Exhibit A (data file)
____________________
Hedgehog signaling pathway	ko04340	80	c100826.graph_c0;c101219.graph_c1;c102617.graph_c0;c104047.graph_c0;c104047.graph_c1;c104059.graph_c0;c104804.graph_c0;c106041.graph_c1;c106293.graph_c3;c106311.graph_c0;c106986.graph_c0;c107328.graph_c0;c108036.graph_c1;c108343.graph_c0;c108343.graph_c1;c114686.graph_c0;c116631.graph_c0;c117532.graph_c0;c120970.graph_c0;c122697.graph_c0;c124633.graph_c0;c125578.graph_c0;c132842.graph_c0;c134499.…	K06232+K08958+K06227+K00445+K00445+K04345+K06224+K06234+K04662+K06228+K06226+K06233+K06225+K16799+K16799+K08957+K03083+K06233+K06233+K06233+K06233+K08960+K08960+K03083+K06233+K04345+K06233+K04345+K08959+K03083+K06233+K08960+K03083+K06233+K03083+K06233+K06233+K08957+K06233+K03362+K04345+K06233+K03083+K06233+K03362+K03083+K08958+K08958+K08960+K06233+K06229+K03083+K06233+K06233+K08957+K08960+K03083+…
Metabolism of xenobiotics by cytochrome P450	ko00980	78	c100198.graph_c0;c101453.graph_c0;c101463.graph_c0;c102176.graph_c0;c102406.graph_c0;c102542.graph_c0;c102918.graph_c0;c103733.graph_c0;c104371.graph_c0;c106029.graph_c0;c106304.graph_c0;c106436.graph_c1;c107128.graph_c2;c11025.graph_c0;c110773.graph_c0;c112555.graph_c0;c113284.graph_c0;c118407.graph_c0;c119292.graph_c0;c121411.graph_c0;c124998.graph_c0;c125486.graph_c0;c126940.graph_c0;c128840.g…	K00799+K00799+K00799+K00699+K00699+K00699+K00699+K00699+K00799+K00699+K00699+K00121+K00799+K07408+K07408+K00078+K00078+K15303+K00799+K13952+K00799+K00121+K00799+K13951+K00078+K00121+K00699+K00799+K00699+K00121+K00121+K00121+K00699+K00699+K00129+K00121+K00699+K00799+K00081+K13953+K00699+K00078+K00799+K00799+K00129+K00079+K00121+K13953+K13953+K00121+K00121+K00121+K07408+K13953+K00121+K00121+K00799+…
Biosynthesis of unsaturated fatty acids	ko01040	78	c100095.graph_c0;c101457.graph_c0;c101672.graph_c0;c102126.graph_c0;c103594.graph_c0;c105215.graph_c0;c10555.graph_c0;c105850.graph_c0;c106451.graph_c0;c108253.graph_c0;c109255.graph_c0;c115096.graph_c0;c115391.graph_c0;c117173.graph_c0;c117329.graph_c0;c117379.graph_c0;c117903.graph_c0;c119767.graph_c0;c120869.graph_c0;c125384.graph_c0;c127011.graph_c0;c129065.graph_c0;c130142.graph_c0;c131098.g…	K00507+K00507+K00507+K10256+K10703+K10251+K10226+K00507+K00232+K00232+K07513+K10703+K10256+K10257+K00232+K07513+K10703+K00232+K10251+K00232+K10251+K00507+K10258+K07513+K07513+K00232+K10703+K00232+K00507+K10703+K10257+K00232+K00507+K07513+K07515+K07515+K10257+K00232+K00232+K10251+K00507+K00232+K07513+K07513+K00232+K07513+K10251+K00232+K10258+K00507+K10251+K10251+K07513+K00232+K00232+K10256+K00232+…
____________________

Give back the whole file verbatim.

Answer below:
Hedgehog signaling pathway	ko04340	80	c100826.graph_c0;c101219.graph_c1;c102617.graph_c0;c104047.graph_c0;c104047.graph_c1;c104059.graph_c0;c104804.graph_c0;c106041.graph_c1;c106293.graph_c3;c106311.graph_c0;c106986.graph_c0;c107328.graph_c0;c108036.graph_c1;c108343.graph_c0;c108343.graph_c1;c114686.graph_c0;c116631.graph_c0;c117532.graph_c0;c120970.graph_c0;c122697.graph_c0;c124633.graph_c0;c125578.graph_c0;c132842.graph_c0;c134499.…	K06232+K08958+K06227+K00445+K00445+K04345+K06224+K06234+K04662+K06228+K06226+K06233+K06225+K16799+K16799+K08957+K03083+K06233+K06233+K06233+K06233+K08960+K08960+K03083+K06233+K04345+K06233+K04345+K08959+K03083+K06233+K08960+K03083+K06233+K03083+K06233+K06233+K08957+K06233+K03362+K04345+K06233+K03083+K06233+K03362+K03083+K08958+K08958+K08960+K06233+K06229+K03083+K06233+K06233+K08957+K08960+K03083+…
Metabolism of xenobiotics by cytochrome P450	ko00980	78	c100198.graph_c0;c101453.graph_c0;c101463.graph_c0;c102176.graph_c0;c102406.graph_c0;c102542.graph_c0;c102918.graph_c0;c103733.graph_c0;c104371.graph_c0;c106029.graph_c0;c106304.graph_c0;c106436.graph_c1;c107128.graph_c2;c11025.graph_c0;c110773.graph_c0;c112555.graph_c0;c113284.graph_c0;c118407.graph_c0;c119292.graph_c0;c121411.graph_c0;c124998.graph_c0;c125486.graph_c0;c126940.graph_c0;c128840.g…	K00799+K00799+K00799+K00699+K00699+K00699+K00699+K00699+K00799+K00699+K00699+K00121+K00799+K07408+K07408+K00078+K00078+K15303+K00799+K13952+K00799+K00121+K00799+K13951+K00078+K00121+K00699+K00799+K00699+K00121+K00121+K00121+K00699+K00699+K00129+K00121+K00699+K00799+K00081+K13953+K00699+K00078+K00799+K00799+K00129+K00079+K00121+K13953+K13953+K00121+K00121+K00121+K07408+K13953+K00121+K00121+K00799+…
Biosynthesis of unsaturated fatty acids	ko01040	78	c100095.graph_c0;c101457.graph_c0;c101672.graph_c0;c102126.graph_c0;c103594.graph_c0;c105215.graph_c0;c10555.graph_c0;c105850.graph_c0;c106451.graph_c0;c108253.graph_c0;c109255.graph_c0;c115096.graph_c0;c115391.graph_c0;c117173.graph_c0;c117329.graph_c0;c117379.graph_c0;c117903.graph_c0;c119767.graph_c0;c120869.graph_c0;c125384.graph_c0;c127011.graph_c0;c129065.graph_c0;c130142.graph_c0;c131098.g…	K00507+K00507+K00507+K10256+K10703+K10251+K10226+K00507+K00232+K00232+K07513+K10703+K10256+K10257+K00232+K07513+K10703+K00232+K10251+K00232+K10251+K00507+K10258+K07513+K07513+K00232+K10703+K00232+K00507+K10703+K10257+K00232+K00507+K07513+K07515+K07515+K10257+K00232+K00232+K10251+K00507+K00232+K07513+K07513+K00232+K07513+K10251+K00232+K10258+K00507+K10251+K10251+K07513+K00232+K00232+K10256+K00232+…